The Buddha's Guide to Mindfulness Practice


Mindfulness, at its roots an originally Buddhist meditation technique, has exploded in popularity over the past decade. What was once exclusively a practice for Buddhists has now become a phenomenon in the West.

And while this is truly amazing, unfortunately, it’s been spread mostly disconnected from it’s original roots, so the accompanying wisdom that should guide the practice is unknown to many actively practicing it today.

This was necessary for it to spread to a larger audience, but unfortunate because without its supporting wisdom, while still beautiful and powerful, the practice is only a shadow of its true self.

There are so many beautiful and truly profound ways to expand your mindfulness practice. I’m talking about simple things we can all pay attention to at really every moment of our daily lives, so they have the potential to serve as sources of even greater insight into ourselves, which can bring about greater peace and happiness.

The following 4 points are what’s called the Buddha's "4 Foundations of Mindfulness”. Our modern-day knowledge of this originates from the Satipatthana sutta or "The Discourse on the Establishing of Mindfulness" (a sutta, or sutra, being a kind of Buddhist scripture).

The 4 Foundations of Mindfulness were said to have been laid down by the Buddha more than 2,500 years ago and serves as the quintessential guide to moment-to-moment mindfulness practice. These 4 establishments are the heart of most Buddhist meditation techniques.

Traditionally, the 4 Foundations of Mindfulness were each described as “mindfulness of [the thing] in [the thing]”, referring to the fact that we’re mindful of something while in the experience of the thing itself, but I’ve simplified the titles for ease of understanding.

Each of these points provides multiple unique opportunities for developing a deep and rich daily mindfulness practice which leads you towards greater peace, freedom, and happiness.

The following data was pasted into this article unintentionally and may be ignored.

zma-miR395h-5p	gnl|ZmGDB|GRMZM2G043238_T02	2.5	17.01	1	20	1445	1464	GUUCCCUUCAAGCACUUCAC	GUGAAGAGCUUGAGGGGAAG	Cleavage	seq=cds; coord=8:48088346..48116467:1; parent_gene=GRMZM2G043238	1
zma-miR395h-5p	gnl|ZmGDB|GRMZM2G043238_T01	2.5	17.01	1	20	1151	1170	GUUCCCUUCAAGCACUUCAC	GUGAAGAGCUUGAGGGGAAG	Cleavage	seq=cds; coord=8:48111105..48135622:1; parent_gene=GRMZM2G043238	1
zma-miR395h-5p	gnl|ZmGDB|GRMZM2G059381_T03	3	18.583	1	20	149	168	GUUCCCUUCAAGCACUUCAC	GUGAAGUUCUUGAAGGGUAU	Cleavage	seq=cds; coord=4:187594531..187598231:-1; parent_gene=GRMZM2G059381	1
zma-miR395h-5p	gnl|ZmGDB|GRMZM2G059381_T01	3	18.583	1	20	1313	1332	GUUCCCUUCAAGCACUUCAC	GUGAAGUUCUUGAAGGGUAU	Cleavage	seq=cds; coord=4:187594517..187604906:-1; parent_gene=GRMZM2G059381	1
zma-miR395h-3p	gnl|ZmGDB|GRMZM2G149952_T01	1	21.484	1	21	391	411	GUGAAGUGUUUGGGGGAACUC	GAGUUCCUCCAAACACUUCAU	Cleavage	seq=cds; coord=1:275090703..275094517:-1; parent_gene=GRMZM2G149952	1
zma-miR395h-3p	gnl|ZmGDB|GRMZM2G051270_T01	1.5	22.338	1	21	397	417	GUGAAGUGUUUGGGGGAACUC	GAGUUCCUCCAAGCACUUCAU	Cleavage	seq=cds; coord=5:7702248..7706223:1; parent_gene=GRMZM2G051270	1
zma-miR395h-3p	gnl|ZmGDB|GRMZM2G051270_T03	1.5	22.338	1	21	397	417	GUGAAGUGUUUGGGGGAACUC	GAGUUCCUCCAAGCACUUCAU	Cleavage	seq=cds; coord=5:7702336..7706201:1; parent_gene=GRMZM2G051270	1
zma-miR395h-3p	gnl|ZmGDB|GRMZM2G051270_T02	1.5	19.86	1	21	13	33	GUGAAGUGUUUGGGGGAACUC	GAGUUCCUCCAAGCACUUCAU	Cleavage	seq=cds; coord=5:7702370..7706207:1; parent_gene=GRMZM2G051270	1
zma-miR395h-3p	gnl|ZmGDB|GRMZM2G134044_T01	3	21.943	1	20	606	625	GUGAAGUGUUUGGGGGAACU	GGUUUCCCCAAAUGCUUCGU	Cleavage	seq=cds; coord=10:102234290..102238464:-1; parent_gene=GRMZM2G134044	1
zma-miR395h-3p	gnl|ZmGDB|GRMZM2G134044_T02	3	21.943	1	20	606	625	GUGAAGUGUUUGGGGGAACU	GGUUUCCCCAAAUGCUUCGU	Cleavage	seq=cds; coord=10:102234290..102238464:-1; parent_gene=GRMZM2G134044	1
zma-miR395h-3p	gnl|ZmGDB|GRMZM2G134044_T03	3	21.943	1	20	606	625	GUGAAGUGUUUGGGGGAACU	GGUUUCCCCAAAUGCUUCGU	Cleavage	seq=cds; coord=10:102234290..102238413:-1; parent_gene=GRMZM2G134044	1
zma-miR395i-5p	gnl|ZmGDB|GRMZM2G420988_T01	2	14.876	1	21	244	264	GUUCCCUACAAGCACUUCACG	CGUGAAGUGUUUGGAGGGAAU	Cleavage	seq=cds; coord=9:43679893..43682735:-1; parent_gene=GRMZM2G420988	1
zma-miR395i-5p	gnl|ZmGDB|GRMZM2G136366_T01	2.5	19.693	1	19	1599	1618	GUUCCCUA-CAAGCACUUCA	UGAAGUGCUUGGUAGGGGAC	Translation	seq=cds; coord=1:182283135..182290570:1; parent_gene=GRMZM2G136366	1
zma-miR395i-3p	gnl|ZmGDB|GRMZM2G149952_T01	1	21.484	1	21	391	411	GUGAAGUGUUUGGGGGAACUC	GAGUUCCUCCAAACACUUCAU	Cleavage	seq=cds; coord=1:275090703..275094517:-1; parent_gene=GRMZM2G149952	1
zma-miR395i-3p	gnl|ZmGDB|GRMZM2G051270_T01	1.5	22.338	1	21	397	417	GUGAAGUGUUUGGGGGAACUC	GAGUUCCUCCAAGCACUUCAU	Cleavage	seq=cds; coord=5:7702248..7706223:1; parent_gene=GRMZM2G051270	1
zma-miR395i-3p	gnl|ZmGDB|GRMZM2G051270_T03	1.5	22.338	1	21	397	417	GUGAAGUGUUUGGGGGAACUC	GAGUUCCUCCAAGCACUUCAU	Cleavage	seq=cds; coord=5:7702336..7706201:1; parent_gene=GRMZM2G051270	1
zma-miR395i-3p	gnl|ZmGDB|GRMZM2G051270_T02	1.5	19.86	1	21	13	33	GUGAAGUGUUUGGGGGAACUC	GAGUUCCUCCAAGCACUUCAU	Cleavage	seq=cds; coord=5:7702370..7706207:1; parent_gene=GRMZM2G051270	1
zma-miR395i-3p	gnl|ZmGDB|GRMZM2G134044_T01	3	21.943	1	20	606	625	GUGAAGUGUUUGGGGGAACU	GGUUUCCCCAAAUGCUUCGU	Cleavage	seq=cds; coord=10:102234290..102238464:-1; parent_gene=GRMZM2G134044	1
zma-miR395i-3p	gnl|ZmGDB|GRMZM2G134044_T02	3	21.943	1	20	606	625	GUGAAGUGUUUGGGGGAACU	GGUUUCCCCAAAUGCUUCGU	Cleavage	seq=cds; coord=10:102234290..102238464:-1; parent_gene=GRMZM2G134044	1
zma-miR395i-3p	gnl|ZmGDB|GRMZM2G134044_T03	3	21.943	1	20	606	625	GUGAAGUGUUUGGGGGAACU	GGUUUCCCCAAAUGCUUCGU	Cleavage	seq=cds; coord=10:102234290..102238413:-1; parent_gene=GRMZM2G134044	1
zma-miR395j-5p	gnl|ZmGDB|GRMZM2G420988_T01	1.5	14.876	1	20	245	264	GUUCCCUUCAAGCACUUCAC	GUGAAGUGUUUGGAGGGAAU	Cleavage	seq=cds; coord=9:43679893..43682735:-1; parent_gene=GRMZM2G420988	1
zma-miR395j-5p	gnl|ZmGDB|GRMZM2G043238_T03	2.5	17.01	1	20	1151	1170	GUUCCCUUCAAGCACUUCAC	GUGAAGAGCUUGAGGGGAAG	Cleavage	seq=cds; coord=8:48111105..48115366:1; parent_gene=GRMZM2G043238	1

*A heads up:the 4 Establishments of Mindfulness are a deep and vast teaching. This post isn't intended to delve deeply into each point but rather give you a simple and straightforward explanation of each along with practical advice for practicing them in your day-to-day life.

1. Mindfulness of body, anatomy, and elements

Each of the 4 Foundations of Mindfulness flow in a very much step-by-step nature, and the Buddha’s “Mindfulness of the body in the body” is always the first stage.

Those of you familiar with mindfulness and Buddhist meditation techniques know the foundational practice is always mindfulness of breath. There’s also mindfulness of our steps in walking meditation, mindfulness of chewing in mindful eating, and so on.

Those are well-known examples of this first opportunity for mindfulness practice, which is really mindfulness of positions and movements, but it goes deeper than that.

More than just mindfulness of physical positions and movements, mindfulness of the body in the body is also mindfulness of our anatomy and the elements we're made up of.

Mindfulness of our anatomy includes mindfulness of the many intricacies of our body, including our internal organs and all the stuff we usually don’t like to talk about like saliva, skin, and urine.

It’s not a pretty topic, but the Buddha suggested we take the time to contemplate deeply on and be mindful of the body in its completeness to become more aware of its selfless, impermanent, and conditioned nature and begin the process of truly being able to let go.

Meditation: A simple meditation you can do for this is to go through each area of your body with mindfulness including your hair, skin, wrinkles even, heart, lungs, etc. and imagine yourself smiling at each area as you go.

The last area for practice is mindfulness of the “4 elements” in Indian spirituality: earth, fire, water, and air.

That might sound a bit cryptic, but there’s actually very concrete ways to practice here which are very nourishing:

  • Earth. This refers to mindfulness of the physical form of our body, which we largely already covered. Here, you could be mindful more so of the existence of your physical form standing or sitting rather than of a particular movement, though. Mindfulness of our internal organs or outer physical aspects of our body are examples of practice here.
  • Fire. This has to do with becoming mindful of heat in the body (or lack of). Being mindful of the general temperature of the body is a very simple practice which you can easily do anywhere.
  • Water. We’ve all heard the statistic: our bodies are made up of more than 57% water. That’s essentially what this element is about: mindfulness of body fluid. It might sound like an odd one, but there’s a number of occasions where this practice presents itself in a simple way.